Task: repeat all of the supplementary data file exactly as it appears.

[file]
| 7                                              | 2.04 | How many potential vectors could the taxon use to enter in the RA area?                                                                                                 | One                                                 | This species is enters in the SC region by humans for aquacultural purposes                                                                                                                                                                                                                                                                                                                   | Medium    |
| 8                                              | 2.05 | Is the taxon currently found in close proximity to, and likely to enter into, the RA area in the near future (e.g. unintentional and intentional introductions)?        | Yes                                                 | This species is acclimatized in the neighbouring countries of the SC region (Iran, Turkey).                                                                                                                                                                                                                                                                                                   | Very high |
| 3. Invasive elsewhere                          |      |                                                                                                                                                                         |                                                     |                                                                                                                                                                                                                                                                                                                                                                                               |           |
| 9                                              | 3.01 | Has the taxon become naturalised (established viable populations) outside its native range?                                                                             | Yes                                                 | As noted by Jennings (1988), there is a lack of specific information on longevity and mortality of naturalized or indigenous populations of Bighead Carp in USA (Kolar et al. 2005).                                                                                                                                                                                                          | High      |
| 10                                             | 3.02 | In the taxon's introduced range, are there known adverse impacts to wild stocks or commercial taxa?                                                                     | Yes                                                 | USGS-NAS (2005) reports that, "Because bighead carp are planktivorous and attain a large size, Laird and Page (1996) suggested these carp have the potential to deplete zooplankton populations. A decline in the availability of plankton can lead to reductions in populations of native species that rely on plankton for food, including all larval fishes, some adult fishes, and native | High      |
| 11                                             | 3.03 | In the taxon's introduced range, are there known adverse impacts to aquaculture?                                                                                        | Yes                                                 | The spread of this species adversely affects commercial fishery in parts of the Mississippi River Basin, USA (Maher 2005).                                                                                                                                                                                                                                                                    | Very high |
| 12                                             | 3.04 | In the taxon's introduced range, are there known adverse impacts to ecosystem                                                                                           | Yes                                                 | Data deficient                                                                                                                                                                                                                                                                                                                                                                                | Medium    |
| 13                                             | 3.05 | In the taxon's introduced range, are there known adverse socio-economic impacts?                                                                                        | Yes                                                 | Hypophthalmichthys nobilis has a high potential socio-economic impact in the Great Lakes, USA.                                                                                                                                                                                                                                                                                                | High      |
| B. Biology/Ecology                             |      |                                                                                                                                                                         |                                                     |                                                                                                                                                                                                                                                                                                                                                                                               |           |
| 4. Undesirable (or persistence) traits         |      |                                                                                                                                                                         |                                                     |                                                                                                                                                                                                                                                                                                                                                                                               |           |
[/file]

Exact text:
| 7                                              | 2.04 | How many potential vectors could the taxon use to enter in the RA area?                                                                                                 | One                                                 | This species is enters in the SC region by humans for aquacultural purposes                                                                                                                                                                                                                                                                                                                   | Medium    |
| 8                                              | 2.05 | Is the taxon currently found in close proximity to, and likely to enter into, the RA area in the near future (e.g. unintentional and intentional introductions)?        | Yes                                                 | This species is acclimatized in the neighbouring countries of the SC region (Iran, Turkey).                                                                                                                                                                                                                                                                                                   | Very high |
| 3. Invasive elsewhere                          |      |                                                                                                                                                                         |                                                     |                                                                                                                                                                                                                                                                                                                                                                                               |           |
| 9                                              | 3.01 | Has the taxon become naturalised (established viable populations) outside its native range?                                                                             | Yes                                                 | As noted by Jennings (1988), there is a lack of specific information on longevity and mortality of naturalized or indigenous populations of Bighead Carp in USA (Kolar et al. 2005).                                                                                                                                                                                                          | High      |
| 10                                             | 3.02 | In the taxon's introduced range, are there known adverse impacts to wild stocks or commercial taxa?                                                                     | Yes                                                 | USGS-NAS (2005) reports that, "Because bighead carp are planktivorous and attain a large size, Laird and Page (1996) suggested these carp have the potential to deplete zooplankton populations. A decline in the availability of plankton can lead to reductions in populations of native species that rely on plankton for food, including all larval fishes, some adult fishes, and native | High      |
| 11                                             | 3.03 | In the taxon's introduced range, are there known adverse impacts to aquaculture?                                                                                        | Yes                                                 | The spread of this species adversely affects commercial fishery in parts of the Mississippi River Basin, USA (Maher 2005).                                                                                                                                                                                                                                                                    | Very high |
| 12                                             | 3.04 | In the taxon's introduced range, are there known adverse impacts to ecosystem                                                                                           | Yes                                                 | Data deficient                                                                                                                                                                                                                                                                                                                                                                                | Medium    |
| 13                                             | 3.05 | In the taxon's introduced range, are there known adverse socio-economic impacts?                                                                                        | Yes                                                 | Hypophthalmichthys nobilis has a high potential socio-economic impact in the Great Lakes, USA.                                                                                                                                                                                                                                                                                                | High      |
| B. Biology/Ecology                             |      |                                                                                                                                                                         |                                                     |                                                                                                                                                                                                                                                                                                                                                                                               |           |
| 4. Undesirable (or persistence) traits         |      |                                                                                                                                                                         |                                                     |                                                                                                                                                                                                                                                                                                                                                                                               |           |